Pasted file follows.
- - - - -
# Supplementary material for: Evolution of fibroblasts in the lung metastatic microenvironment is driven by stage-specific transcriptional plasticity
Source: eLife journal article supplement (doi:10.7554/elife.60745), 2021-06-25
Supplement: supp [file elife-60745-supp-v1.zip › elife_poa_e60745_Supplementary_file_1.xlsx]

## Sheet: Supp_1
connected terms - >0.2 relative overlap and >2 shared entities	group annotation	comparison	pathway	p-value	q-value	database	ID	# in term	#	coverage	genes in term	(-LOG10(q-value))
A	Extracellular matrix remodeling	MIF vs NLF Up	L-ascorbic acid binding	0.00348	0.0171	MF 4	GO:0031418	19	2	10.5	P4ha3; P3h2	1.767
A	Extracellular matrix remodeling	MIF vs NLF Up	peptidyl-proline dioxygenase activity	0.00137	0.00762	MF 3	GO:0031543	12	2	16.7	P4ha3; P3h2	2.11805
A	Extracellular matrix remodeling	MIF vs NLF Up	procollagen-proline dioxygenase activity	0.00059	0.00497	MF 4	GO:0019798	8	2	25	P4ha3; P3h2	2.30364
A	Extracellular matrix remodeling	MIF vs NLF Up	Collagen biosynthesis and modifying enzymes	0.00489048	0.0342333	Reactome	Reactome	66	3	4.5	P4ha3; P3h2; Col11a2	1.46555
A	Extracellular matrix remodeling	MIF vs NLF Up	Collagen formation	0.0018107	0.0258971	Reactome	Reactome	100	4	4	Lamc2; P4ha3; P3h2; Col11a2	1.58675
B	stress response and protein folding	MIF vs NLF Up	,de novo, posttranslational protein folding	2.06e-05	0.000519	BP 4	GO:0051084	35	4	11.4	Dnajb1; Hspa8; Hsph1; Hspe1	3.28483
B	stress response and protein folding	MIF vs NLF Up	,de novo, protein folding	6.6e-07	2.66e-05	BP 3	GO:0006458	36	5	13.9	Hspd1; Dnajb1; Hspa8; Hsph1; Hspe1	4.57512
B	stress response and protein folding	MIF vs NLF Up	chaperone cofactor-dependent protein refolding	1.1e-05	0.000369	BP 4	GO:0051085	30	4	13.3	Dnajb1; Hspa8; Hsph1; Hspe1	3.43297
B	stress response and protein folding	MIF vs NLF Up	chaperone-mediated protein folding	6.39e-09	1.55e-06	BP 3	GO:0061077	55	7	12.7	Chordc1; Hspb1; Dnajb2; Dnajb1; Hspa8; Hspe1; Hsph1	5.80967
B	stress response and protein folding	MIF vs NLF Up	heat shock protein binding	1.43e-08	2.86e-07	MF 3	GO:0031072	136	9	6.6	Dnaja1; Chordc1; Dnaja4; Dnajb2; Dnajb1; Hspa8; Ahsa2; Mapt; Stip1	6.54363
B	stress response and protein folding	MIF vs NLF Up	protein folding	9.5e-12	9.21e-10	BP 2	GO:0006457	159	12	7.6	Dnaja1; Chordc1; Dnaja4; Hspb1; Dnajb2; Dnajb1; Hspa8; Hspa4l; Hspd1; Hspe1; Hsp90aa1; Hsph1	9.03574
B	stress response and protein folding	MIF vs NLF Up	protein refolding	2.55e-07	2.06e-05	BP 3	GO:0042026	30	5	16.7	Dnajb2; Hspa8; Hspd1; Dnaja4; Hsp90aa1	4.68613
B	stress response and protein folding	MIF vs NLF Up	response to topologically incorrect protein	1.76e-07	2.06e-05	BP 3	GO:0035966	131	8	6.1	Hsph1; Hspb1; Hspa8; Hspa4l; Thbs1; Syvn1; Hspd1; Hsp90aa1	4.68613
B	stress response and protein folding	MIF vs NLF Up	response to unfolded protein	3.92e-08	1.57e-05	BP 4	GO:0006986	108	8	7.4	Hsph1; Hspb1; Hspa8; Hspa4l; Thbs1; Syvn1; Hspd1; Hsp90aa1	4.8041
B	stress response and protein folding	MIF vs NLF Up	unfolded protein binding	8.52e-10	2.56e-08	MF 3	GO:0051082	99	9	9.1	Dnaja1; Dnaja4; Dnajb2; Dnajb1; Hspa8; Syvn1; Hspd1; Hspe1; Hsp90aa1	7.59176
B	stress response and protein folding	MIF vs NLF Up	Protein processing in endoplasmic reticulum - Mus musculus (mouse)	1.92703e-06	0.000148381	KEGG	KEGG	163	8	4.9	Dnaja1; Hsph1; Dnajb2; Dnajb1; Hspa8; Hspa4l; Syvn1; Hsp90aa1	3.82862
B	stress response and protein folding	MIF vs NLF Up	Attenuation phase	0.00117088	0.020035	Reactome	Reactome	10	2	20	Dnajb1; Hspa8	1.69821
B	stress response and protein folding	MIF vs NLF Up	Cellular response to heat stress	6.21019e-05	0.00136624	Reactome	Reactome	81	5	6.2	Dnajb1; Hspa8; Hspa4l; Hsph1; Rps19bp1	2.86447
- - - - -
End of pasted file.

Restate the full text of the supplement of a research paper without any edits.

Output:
# Supplementary material for: Evolution of fibroblasts in the lung metastatic microenvironment is driven by stage-specific transcriptional plasticity
Source: eLife journal article supplement (doi:10.7554/elife.60745), 2021-06-25
Supplement: supp [file elife-60745-supp-v1.zip › elife_poa_e60745_Supplementary_file_1.xlsx]

## Sheet: Supp_1
connected terms - >0.2 relative overlap and >2 shared entities	group annotation	comparison	pathway	p-value	q-value	database	ID	# in term	#	coverage	genes in term	(-LOG10(q-value))
A	Extracellular matrix remodeling	MIF vs NLF Up	L-ascorbic acid binding	0.00348	0.0171	MF 4	GO:0031418	19	2	10.5	P4ha3; P3h2	1.767
A	Extracellular matrix remodeling	MIF vs NLF Up	peptidyl-proline dioxygenase activity	0.00137	0.00762	MF 3	GO:0031543	12	2	16.7	P4ha3; P3h2	2.11805
A	Extracellular matrix remodeling	MIF vs NLF Up	procollagen-proline dioxygenase activity	0.00059	0.00497	MF 4	GO:0019798	8	2	25	P4ha3; P3h2	2.30364
A	Extracellular matrix remodeling	MIF vs NLF Up	Collagen biosynthesis and modifying enzymes	0.00489048	0.0342333	Reactome	Reactome	66	3	4.5	P4ha3; P3h2; Col11a2	1.46555
A	Extracellular matrix remodeling	MIF vs NLF Up	Collagen formation	0.0018107	0.0258971	Reactome	Reactome	100	4	4	Lamc2; P4ha3; P3h2; Col11a2	1.58675
B	stress response and protein folding	MIF vs NLF Up	,de novo, posttranslational protein folding	2.06e-05	0.000519	BP 4	GO:0051084	35	4	11.4	Dnajb1; Hspa8; Hsph1; Hspe1	3.28483
B	stress response and protein folding	MIF vs NLF Up	,de novo, protein folding	6.6e-07	2.66e-05	BP 3	GO:0006458	36	5	13.9	Hspd1; Dnajb1; Hspa8; Hsph1; Hspe1	4.57512
B	stress response and protein folding	MIF vs NLF Up	chaperone cofactor-dependent protein refolding	1.1e-05	0.000369	BP 4	GO:0051085	30	4	13.3	Dnajb1; Hspa8; Hsph1; Hspe1	3.43297
B	stress response and protein folding	MIF vs NLF Up	chaperone-mediated protein folding	6.39e-09	1.55e-06	BP 3	GO:0061077	55	7	12.7	Chordc1; Hspb1; Dnajb2; Dnajb1; Hspa8; Hspe1; Hsph1	5.80967
B	stress response and protein folding	MIF vs NLF Up	heat shock protein binding	1.43e-08	2.86e-07	MF 3	GO:0031072	136	9	6.6	Dnaja1; Chordc1; Dnaja4; Dnajb2; Dnajb1; Hspa8; Ahsa2; Mapt; Stip1	6.54363
B	stress response and protein folding	MIF vs NLF Up	protein folding	9.5e-12	9.21e-10	BP 2	GO:0006457	159	12	7.6	Dnaja1; Chordc1; Dnaja4; Hspb1; Dnajb2; Dnajb1; Hspa8; Hspa4l; Hspd1; Hspe1; Hsp90aa1; Hsph1	9.03574
B	stress response and protein folding	MIF vs NLF Up	protein refolding	2.55e-07	2.06e-05	BP 3	GO:0042026	30	5	16.7	Dnajb2; Hspa8; Hspd1; Dnaja4; Hsp90aa1	4.68613
B	stress response and protein folding	MIF vs NLF Up	response to topologically incorrect protein	1.76e-07	2.06e-05	BP 3	GO:0035966	131	8	6.1	Hsph1; Hspb1; Hspa8; Hspa4l; Thbs1; Syvn1; Hspd1; Hsp90aa1	4.68613
B	stress response and protein folding	MIF vs NLF Up	response to unfolded protein	3.92e-08	1.57e-05	BP 4	GO:0006986	108	8	7.4	Hsph1; Hspb1; Hspa8; Hspa4l; Thbs1; Syvn1; Hspd1; Hsp90aa1	4.8041
B	stress response and protein folding	MIF vs NLF Up	unfolded protein binding	8.52e-10	2.56e-08	MF 3	GO:0051082	99	9	9.1	Dnaja1; Dnaja4; Dnajb2; Dnajb1; Hspa8; Syvn1; Hspd1; Hspe1; Hsp90aa1	7.59176
B	stress response and protein folding	MIF vs NLF Up	Protein processing in endoplasmic reticulum - Mus musculus (mouse)	1.92703e-06	0.000148381	KEGG	KEGG	163	8	4.9	Dnaja1; Hsph1; Dnajb2; Dnajb1; Hspa8; Hspa4l; Syvn1; Hsp90aa1	3.82862
B	stress response and protein folding	MIF vs NLF Up	Attenuation phase	0.00117088	0.020035	Reactome	Reactome	10	2	20	Dnajb1; Hspa8	1.69821
B	stress response and protein folding	MIF vs NLF Up	Cellular response to heat stress	6.21019e-05	0.00136624	Reactome	Reactome	81	5	6.2	Dnajb1; Hspa8; Hspa4l; Hsph1; Rps19bp1	2.86447